Recipes: Barbecued Meats

Barbecued Meats

These are not to be confused with our secret recipes, but we thought you might like to try BBQing at home.

Reported Four Time “Memphis in May” World Championship Rib Winning Recipe

Ingredients for 1 Recipe:

—————-DRY RUB——————————-

10 tb Black pepper

10 tb Hungarian Paprika

5 tb Chili powder

5 tb Red pepper

5 tb Garlic powder

3 tb Celery salt

1 tb Dry mustard

————–FINISH SAUCE—————————–

32 oz Hunt’s Ketchup

8 oz Soy sauce

4 oz Worcestershire sauce

1 tbs. Garlic powder

8 oz Apple cider vinegar

4 oz Apple juice

1 tbs. White pepper or to taste

I prefer to use baby back ribs, and remove the membrane from the back side of the ribs in order to let the smoke permeate the meat. To remove this membrane a stubby Phillip’s screw driver works great to get the membrane started. Start on the narrowest part of the rack then peel the membrane off toward the thickest part. This seems to work best if you closely adhere to the “plenty of beverage” rule aforementioned on the “recipes” page.

Mix dry rub ingredients. Rub into pork ribs. Put rubbed ribs into the refrigerator for 4 to 10 hours before cooking. Bring sauce ingredients to a boil. Then add 1 finely grated onion, 1 grated medium Golden Delicious apple and 1/4 grated small bell pepper. Cook until desired thickness. Cook prepared ribs for about 5 1/2 to 7 hours over charcoal kept at 180 to 200 degrees. Baste occasionally with warm apple juice. Use soaked apple-wood chips in the fire to create a sweet flavor. About 30 minutes before serving, brush ribs with finish sauce. Right before serving, sprinkle on dry rub. Serve sauce on the side.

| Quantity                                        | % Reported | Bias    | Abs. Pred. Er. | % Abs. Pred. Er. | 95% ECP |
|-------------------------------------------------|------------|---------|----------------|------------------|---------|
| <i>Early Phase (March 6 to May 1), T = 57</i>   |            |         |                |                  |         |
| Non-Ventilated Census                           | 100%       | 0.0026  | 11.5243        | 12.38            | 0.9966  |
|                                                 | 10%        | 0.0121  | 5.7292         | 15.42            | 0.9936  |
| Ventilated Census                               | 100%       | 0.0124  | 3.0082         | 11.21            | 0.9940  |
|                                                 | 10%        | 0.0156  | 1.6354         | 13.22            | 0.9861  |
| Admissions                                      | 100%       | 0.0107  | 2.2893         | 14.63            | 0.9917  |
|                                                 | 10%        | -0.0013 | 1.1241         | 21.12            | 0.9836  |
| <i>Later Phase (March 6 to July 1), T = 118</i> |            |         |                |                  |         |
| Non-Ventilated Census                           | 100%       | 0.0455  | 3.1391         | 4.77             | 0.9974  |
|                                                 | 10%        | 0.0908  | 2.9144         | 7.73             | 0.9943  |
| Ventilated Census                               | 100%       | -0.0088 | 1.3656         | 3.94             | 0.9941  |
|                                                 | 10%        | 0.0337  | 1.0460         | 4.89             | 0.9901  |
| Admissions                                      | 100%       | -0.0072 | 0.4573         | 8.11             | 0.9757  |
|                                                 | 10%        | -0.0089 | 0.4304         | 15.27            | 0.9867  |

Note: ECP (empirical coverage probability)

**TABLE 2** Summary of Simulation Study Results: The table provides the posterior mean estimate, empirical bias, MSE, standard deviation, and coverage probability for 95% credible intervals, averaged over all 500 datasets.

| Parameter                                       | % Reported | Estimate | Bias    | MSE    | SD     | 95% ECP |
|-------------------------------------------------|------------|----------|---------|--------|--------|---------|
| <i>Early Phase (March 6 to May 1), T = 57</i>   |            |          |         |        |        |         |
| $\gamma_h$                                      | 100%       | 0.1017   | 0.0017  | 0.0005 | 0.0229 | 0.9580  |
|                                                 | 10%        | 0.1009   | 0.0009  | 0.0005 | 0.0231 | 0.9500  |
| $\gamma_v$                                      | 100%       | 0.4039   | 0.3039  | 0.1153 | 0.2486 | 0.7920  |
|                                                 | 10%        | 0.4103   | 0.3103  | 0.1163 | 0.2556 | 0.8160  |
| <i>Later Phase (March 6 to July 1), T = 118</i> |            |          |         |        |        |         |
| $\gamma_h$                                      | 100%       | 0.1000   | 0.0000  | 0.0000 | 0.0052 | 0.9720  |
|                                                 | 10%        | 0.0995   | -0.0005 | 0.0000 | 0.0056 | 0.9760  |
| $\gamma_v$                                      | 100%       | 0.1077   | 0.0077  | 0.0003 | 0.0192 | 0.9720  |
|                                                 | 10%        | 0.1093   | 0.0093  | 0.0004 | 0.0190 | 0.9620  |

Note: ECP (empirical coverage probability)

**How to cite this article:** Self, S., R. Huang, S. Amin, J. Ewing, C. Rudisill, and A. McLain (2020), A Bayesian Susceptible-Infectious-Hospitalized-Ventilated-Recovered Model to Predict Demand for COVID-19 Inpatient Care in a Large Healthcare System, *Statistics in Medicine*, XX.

TIP: Don’t rush the cooking process.

Basic Barbecue A pork butt or shoulder. This can be sliced or pulled to serve.

I hadn’t intended to include this recipe since I thought we all knew how to fix “Q”.

Recently, due to several E-mail requests I feel inclined to add this one.

Thanks to Meredith Young for reminding me we’re not all born to barbecue!

Depending what part of the country you’re in will depend on the cuts of meat available or at least what they’re called. You’ll most likely want a pork roast, “butt”, or Boston butt. Sometimes they’re called a shoulder depending how much bone is left in. A true shoulder is huge, its the full front leg, skin and all, of the hog from the shoulder joint to just above the hoof and is usually only used in competitions. A “butt” is only the portion that most folks might consider as the hog’s actual shoulder and weighs about 8-12 pounds.

Before cooking, preferably the night before, rub the meat liberally with yellow mustard and a meat rub. There are several good rub recipes on my site. I don’t know if you can get it where you live, but my favorite rub is “Konriko® Hot ‘N Spicy Creole Seasoning” mixed with garlic pow

via Barbecued Meats.

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